When the earthquakes wreaked havoc on central Christchurch, they also destroyed many of the older buildings which had provided cheap rehearsal spaces for local musicians.
Today the Christchurch Music Industry Trust will officially open a new three studio space called Beatbox to provide musicians a low-cost place to create some noise.
Four-piece band Skelter currently use a storage unit in an industrial part of the central city for their rehearsal space. Vocalist and guitar player Eddie Kiesanowski says it is far from ideal - but they consider themselves lucky.
"It's just a concrete shed," he says, "we've had to put up blankets to dampen the sound, to make it warm put carpets down, we had to bring all our own gear in, and a lot of people just can't do that."
Eddie Kiesanowski says using Beatbox will mean they will hear how their music sounds in a more professional environment.
Marc Royal has been a part of the Christchurch scene for the past 20 years as a musician, band manager and record label owner, and now manager of store, Music Works. He says the earthquakes left many bands struggling to find spaces to practice.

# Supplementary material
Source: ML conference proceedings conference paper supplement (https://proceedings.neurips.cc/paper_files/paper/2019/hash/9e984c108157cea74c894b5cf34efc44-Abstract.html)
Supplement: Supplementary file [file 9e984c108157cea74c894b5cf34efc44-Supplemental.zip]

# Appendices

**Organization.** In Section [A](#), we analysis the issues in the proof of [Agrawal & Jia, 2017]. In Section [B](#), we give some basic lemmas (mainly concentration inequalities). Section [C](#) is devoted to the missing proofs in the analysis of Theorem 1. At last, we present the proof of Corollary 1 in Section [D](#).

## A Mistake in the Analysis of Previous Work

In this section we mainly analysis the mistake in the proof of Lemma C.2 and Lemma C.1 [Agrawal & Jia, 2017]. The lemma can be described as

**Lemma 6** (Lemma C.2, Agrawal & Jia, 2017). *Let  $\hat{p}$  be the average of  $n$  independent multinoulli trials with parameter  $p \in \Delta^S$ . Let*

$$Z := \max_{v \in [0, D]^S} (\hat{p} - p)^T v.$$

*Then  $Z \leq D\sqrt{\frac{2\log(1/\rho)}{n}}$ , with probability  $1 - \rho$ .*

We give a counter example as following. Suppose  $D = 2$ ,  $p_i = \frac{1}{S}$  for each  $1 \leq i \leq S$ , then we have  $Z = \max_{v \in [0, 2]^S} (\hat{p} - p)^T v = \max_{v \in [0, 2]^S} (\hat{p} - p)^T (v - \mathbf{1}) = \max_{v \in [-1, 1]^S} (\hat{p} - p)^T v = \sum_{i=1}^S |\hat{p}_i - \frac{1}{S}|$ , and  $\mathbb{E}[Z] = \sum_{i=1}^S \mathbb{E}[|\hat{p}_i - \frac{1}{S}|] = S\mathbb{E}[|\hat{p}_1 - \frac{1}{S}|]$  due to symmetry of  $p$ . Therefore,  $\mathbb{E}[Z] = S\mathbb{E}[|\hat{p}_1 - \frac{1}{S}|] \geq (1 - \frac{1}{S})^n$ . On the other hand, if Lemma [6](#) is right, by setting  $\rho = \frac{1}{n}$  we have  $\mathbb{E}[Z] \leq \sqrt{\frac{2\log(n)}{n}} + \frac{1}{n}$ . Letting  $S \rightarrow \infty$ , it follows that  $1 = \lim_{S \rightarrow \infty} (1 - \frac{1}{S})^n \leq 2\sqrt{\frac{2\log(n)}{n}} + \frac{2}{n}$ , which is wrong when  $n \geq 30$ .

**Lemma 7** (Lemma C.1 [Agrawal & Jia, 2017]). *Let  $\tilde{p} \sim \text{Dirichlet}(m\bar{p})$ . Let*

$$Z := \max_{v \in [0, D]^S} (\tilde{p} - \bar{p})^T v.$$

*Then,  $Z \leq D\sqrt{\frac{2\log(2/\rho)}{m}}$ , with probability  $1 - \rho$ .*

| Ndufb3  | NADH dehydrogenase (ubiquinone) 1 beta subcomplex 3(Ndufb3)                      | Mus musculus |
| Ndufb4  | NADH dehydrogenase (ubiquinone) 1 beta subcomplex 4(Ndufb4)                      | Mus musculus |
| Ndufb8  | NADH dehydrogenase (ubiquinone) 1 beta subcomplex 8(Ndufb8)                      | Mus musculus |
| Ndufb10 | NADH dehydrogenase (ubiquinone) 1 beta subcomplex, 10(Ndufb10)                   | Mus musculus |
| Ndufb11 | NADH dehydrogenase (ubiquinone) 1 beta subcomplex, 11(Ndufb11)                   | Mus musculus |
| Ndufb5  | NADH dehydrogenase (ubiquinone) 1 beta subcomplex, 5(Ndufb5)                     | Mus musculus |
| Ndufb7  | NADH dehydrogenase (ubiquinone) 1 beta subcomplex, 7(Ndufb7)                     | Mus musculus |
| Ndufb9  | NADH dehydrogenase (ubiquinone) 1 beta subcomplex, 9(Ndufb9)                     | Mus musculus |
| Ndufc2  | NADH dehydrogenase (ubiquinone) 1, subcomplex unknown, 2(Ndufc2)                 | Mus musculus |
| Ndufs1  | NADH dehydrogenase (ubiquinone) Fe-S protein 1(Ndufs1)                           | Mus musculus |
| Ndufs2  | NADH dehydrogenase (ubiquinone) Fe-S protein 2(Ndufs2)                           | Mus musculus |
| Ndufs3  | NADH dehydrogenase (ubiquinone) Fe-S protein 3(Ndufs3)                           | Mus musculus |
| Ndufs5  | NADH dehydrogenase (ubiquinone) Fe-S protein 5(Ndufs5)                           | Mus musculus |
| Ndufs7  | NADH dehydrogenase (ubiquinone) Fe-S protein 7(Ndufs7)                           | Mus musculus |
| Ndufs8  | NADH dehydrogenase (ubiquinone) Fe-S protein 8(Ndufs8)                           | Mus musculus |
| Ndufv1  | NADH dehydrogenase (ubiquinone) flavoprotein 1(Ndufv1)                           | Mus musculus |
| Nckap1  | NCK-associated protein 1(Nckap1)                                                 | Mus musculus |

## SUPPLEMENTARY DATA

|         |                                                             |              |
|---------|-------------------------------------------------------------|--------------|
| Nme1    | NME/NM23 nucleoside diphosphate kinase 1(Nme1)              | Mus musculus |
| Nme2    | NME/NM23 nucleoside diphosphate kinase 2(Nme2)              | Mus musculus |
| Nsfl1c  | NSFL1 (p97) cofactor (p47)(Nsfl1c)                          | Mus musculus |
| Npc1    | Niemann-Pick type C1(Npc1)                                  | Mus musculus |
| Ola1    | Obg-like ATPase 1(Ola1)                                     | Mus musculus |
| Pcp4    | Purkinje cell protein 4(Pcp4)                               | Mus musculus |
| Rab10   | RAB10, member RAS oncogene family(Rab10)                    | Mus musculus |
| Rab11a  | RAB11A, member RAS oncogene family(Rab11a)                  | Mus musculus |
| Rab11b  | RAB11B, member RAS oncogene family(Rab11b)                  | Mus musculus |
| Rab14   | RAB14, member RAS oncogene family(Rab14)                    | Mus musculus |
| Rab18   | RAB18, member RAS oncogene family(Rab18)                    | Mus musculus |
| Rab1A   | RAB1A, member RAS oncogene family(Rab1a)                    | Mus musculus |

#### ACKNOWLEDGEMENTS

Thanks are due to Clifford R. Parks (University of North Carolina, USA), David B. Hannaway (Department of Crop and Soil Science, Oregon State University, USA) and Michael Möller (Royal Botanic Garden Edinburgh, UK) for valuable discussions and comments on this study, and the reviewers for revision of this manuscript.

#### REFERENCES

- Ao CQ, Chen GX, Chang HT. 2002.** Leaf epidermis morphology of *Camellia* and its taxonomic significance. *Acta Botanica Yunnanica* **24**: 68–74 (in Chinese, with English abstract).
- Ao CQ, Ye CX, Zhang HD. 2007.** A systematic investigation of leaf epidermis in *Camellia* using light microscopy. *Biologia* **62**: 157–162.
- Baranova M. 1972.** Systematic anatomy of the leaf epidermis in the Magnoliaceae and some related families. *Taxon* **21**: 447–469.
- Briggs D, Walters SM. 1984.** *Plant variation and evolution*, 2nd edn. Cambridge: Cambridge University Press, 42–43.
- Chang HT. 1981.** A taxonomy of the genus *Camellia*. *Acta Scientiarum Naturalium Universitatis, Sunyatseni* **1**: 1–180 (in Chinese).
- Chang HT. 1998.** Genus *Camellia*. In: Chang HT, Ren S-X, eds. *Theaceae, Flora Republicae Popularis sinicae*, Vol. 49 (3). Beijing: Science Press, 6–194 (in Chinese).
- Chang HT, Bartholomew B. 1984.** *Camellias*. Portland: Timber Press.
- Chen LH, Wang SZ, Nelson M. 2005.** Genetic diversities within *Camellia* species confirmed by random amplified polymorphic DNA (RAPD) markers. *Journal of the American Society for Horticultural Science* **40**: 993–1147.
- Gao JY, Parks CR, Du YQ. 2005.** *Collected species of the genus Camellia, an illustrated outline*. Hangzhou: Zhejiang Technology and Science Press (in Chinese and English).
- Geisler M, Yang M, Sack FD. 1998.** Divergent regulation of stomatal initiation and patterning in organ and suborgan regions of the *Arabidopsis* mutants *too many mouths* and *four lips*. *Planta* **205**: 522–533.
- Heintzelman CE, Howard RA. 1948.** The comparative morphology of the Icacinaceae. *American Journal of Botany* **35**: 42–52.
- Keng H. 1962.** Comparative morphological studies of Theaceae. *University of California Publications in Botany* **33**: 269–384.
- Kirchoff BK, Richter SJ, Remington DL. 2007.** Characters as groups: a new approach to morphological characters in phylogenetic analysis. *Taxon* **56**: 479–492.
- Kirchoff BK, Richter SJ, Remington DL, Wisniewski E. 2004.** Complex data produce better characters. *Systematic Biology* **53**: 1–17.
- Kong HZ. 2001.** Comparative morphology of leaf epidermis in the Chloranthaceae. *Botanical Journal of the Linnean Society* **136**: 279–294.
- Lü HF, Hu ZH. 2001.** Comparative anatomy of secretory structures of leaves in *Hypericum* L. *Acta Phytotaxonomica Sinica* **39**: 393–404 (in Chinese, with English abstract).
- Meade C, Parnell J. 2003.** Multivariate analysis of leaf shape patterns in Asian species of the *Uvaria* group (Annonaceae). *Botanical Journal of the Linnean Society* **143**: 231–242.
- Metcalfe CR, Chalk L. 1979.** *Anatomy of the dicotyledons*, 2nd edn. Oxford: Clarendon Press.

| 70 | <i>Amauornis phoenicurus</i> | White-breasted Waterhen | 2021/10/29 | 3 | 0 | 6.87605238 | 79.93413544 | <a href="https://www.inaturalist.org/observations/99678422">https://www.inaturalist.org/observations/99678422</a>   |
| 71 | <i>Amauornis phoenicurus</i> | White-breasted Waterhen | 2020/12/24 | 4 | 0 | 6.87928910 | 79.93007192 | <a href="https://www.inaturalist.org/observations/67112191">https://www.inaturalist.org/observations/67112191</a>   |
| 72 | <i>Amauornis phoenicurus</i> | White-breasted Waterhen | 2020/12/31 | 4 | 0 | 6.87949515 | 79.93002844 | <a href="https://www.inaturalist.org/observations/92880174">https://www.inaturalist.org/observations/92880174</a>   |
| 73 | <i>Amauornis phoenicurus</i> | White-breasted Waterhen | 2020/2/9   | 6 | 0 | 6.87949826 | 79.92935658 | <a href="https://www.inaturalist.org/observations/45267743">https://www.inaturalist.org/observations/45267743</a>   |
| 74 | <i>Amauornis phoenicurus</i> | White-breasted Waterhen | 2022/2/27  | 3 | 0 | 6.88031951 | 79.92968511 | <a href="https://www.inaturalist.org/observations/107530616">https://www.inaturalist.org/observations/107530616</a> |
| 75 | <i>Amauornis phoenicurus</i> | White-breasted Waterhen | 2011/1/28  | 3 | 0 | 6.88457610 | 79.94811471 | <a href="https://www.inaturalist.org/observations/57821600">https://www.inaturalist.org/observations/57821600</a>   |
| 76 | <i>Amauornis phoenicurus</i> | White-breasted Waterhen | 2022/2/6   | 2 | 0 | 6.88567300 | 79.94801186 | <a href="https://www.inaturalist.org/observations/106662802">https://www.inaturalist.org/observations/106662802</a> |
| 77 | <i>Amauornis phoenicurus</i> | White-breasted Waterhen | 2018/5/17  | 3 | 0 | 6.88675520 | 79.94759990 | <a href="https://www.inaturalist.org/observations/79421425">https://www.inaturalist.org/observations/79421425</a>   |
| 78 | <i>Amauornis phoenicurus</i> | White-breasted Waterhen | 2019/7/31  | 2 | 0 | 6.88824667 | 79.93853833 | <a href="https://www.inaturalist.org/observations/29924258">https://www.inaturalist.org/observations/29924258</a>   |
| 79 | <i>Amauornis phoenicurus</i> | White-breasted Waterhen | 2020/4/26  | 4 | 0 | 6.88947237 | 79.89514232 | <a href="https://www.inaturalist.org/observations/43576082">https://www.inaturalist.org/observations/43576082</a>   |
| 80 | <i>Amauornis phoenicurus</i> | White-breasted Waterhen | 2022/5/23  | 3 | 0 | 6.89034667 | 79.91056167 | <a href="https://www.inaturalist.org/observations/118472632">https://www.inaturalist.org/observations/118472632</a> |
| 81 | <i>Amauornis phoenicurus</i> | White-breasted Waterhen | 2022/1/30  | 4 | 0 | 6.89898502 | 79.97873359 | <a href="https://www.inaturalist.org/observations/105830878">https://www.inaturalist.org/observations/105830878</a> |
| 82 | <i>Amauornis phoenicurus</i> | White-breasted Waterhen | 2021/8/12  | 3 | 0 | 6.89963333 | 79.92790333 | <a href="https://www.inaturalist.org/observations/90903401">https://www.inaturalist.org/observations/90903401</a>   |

"A lot of musicians lost their performance spaces, (they were) sort of forced out to dingy old lock up spaces in rural areas."
He says it was feeling pretty desolate for a while with the loss of performance spaces and venues, and it is good to finally see some improvement on all those fronts.
The manager of the Christchurch Music Industry Trust, Deane Simmonds, says there is no risk of bands annoying the neighbours at the three purpose-built sound-proof Beatbox studios.
There is enough concrete underneath each of studio for a three-bedroom house. Each is an independent cell, he says, which has been acoustically treated to ensure it will be a step up from what most people have been using.
Mr Simmonds says the project got off the ground thanks to support from numerous local supporters, and donations from visiting international acts, such as British singer Billy Bragg.
A donation from American band Queens of the Stone Age has meant the rooms have been a completely outfitted with musical equipment, including guitars, drum kits, amps and microphones.
"Anyone can walk in and hammer on some drums or sing a song or yell, and no one will hear you. That is your space for an hour," Mr Simmonds says.
Most importantly, he hopes the space will act as a community hub for musicians to mix, share ideas and inspire each other.
The doors will open to the public from Monday.